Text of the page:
Ania Mininkova

Measuring, cutting and tying 65,000 strings of jute into 12,000 knots for a life-size sniper suit was an exercise in insanity. I undertook it to understand my place in a larger insanity: the war in the East of Ukraine.

The coarse, rough fibers speak of brutality, suffering and impenetrable landscape of the East.  

Over the weeks of work the way I felt changed. Stripped of its primary function, the texture and shape made a shift, allowing it to become an object of unity and resilience.   

The long grinding process of shaping and painting metal shell of a landmine – the number one cause of civilian death toll in Ukraine and post-war countries around the world – let me abstract it into typological artefact.

I gave myself a freedom to interpret its purpose as a future spectator – unaware of concepts of violence and war – might have.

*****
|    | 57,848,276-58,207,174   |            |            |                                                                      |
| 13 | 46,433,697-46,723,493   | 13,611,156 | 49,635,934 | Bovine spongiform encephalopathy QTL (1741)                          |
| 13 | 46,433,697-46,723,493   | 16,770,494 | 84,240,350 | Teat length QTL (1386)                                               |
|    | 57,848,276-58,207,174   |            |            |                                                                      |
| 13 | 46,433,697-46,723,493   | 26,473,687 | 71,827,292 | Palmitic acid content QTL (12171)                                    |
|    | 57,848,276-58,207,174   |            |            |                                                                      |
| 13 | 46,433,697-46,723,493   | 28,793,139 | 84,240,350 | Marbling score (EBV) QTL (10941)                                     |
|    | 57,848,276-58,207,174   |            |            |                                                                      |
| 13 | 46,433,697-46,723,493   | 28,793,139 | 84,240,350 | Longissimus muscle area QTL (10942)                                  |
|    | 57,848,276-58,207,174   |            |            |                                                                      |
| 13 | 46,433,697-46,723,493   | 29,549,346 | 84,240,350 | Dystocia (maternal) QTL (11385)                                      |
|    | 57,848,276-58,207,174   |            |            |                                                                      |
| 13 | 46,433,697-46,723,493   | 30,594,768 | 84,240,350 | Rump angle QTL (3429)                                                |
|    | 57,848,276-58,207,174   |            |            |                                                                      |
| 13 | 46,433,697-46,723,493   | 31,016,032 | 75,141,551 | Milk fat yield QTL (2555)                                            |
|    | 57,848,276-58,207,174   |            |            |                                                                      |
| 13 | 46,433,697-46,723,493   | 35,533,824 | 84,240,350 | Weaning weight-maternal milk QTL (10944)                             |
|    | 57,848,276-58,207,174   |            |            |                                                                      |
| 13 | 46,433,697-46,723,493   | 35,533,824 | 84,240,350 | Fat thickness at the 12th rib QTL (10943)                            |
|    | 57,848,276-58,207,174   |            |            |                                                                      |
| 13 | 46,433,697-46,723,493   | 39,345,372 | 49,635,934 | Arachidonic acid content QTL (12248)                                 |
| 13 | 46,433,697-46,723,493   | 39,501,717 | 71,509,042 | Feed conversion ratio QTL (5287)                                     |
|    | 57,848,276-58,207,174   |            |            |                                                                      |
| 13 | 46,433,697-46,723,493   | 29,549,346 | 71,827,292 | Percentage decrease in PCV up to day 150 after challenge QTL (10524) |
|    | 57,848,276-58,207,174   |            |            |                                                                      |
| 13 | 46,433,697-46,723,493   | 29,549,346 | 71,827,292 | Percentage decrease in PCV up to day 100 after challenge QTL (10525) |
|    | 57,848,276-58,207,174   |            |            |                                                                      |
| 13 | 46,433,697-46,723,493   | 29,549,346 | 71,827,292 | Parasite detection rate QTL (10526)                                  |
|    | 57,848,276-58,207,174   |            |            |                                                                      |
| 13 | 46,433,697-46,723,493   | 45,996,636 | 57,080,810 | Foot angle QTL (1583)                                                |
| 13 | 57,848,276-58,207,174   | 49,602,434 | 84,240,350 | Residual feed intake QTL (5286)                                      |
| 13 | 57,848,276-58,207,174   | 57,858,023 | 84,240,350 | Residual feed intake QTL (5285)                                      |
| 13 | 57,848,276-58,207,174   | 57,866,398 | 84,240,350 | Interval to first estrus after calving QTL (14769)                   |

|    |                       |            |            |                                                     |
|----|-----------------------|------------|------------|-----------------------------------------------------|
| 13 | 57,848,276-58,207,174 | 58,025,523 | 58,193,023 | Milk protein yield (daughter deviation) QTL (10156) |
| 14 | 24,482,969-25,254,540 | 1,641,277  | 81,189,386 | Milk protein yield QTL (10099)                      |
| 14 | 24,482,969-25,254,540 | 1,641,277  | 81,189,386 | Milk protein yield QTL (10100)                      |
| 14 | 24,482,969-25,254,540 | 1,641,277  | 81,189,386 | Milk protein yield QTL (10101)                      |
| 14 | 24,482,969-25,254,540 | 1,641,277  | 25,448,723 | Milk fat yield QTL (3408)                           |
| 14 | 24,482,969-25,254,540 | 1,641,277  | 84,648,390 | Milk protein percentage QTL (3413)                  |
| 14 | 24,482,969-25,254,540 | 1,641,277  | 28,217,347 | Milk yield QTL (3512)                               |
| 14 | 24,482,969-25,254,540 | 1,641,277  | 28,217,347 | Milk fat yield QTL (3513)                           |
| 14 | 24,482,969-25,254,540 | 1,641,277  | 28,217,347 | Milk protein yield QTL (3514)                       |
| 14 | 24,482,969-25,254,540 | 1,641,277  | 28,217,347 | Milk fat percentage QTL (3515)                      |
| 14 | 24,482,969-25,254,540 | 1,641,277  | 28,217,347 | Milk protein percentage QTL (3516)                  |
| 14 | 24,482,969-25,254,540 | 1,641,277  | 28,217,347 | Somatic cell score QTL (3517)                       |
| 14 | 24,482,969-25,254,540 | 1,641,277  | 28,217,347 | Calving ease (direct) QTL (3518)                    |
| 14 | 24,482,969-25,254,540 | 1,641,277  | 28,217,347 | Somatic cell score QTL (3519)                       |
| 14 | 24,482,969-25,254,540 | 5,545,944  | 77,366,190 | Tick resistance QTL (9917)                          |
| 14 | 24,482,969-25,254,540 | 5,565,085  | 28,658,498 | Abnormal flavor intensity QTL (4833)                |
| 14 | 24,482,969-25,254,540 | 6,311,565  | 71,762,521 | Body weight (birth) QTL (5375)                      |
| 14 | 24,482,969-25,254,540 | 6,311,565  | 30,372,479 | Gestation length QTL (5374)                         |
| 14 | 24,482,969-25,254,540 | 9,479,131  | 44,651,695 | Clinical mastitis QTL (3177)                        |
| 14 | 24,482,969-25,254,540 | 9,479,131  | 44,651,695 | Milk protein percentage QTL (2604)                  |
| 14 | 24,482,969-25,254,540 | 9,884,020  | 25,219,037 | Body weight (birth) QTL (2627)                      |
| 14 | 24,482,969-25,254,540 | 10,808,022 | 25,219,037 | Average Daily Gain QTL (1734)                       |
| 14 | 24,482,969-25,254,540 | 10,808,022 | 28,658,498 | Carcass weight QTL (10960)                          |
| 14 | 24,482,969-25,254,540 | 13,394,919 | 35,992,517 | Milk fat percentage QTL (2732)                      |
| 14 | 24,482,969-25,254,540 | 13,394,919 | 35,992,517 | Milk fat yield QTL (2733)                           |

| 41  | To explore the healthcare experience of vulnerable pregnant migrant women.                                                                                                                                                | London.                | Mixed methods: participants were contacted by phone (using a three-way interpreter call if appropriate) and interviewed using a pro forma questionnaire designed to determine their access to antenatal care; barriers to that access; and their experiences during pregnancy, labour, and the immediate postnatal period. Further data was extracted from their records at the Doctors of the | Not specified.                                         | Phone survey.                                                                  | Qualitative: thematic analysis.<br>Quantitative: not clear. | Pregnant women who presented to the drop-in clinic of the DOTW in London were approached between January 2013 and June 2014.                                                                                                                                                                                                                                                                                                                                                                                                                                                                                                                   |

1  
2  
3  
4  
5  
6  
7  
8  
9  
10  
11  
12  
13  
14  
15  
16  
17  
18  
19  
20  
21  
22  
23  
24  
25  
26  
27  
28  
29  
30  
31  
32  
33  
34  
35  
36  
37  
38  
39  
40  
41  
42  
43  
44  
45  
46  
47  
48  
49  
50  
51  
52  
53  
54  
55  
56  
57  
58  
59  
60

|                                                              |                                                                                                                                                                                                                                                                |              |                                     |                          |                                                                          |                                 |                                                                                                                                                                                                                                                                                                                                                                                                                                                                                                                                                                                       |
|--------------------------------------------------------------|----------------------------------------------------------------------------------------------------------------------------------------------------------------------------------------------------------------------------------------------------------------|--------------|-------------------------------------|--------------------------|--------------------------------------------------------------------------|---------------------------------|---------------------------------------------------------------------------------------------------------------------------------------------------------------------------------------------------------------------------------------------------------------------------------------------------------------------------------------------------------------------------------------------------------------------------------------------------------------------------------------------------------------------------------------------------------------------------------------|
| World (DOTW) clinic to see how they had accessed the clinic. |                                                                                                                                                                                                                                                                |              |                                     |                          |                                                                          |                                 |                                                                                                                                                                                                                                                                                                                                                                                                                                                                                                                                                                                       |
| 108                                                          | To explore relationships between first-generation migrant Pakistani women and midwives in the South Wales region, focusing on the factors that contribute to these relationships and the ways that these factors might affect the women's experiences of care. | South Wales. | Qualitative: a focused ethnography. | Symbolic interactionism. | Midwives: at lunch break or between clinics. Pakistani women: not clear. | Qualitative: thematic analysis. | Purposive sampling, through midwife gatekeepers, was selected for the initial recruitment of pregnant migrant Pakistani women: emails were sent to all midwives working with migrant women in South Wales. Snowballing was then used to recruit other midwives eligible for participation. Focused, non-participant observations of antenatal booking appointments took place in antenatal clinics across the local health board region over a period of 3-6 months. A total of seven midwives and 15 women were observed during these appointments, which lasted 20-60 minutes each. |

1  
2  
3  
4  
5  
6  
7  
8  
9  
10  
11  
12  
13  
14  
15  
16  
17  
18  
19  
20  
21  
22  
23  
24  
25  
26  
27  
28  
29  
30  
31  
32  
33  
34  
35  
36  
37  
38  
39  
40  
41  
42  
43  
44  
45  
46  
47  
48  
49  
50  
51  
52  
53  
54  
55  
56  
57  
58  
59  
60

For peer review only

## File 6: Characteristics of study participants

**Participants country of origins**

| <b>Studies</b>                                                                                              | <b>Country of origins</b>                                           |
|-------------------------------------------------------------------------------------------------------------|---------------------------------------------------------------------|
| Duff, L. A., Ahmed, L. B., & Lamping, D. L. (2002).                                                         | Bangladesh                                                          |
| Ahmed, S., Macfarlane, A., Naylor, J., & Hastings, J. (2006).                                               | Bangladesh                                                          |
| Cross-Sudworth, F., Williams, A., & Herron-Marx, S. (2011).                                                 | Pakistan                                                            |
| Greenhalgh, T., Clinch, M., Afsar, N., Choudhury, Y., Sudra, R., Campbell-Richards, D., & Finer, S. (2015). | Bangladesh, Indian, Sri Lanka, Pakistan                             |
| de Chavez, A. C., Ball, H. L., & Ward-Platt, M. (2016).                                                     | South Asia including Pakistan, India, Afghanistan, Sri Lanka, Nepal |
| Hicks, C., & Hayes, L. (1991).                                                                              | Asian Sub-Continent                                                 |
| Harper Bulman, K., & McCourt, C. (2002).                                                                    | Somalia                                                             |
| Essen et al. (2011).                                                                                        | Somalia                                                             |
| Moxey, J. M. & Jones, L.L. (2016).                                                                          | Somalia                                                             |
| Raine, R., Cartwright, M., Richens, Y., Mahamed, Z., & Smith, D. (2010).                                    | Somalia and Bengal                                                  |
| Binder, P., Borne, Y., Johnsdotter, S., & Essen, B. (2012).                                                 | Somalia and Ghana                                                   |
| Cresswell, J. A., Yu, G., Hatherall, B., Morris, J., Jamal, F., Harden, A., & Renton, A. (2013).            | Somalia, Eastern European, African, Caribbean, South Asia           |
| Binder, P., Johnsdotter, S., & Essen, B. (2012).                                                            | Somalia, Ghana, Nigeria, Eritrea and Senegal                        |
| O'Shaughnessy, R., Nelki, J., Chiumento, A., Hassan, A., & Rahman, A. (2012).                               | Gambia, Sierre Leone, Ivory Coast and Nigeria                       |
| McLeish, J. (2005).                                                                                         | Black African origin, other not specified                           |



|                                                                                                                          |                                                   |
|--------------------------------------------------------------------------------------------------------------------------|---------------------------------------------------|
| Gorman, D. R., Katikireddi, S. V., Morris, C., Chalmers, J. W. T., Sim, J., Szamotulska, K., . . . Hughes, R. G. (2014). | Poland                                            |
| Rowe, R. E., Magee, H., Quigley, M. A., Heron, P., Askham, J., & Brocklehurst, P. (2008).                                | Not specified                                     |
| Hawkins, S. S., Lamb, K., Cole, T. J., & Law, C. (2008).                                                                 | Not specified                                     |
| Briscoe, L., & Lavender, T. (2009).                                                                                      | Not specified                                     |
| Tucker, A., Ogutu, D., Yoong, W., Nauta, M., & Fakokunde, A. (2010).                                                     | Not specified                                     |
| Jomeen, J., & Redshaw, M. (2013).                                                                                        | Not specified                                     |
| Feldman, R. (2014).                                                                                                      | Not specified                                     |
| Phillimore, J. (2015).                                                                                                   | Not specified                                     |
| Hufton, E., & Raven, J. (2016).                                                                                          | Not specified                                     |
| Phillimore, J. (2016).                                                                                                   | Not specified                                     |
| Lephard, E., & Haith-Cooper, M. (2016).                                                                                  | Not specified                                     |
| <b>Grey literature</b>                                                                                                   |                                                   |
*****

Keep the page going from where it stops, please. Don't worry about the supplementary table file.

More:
Devoid of context, it became a left behind object of a vanished civilisation, something one might see presented in a sanitary museum display with a tag "Unidentified object. Approx. beginning of XXI century".

Sappers in Ukraine have so far destroyed around 49,000 explosives, according to official figures, although both foreign monitors and the warring sides struggle to estimate how many remain.

The Guardian

Shapeshifting 2017:

1. "Ethnic Attire, Unidentified Tribe. Early XXI century, Western Eurasia"

Jute, fishing net

2. "Unidentified object. Steel, approx. beginning of XXI century".

Sheet metal used in landmine training, car paint

3. "Unidentified object, approx. beginning of XXI century".

Ink on paper and cardboard

Using Format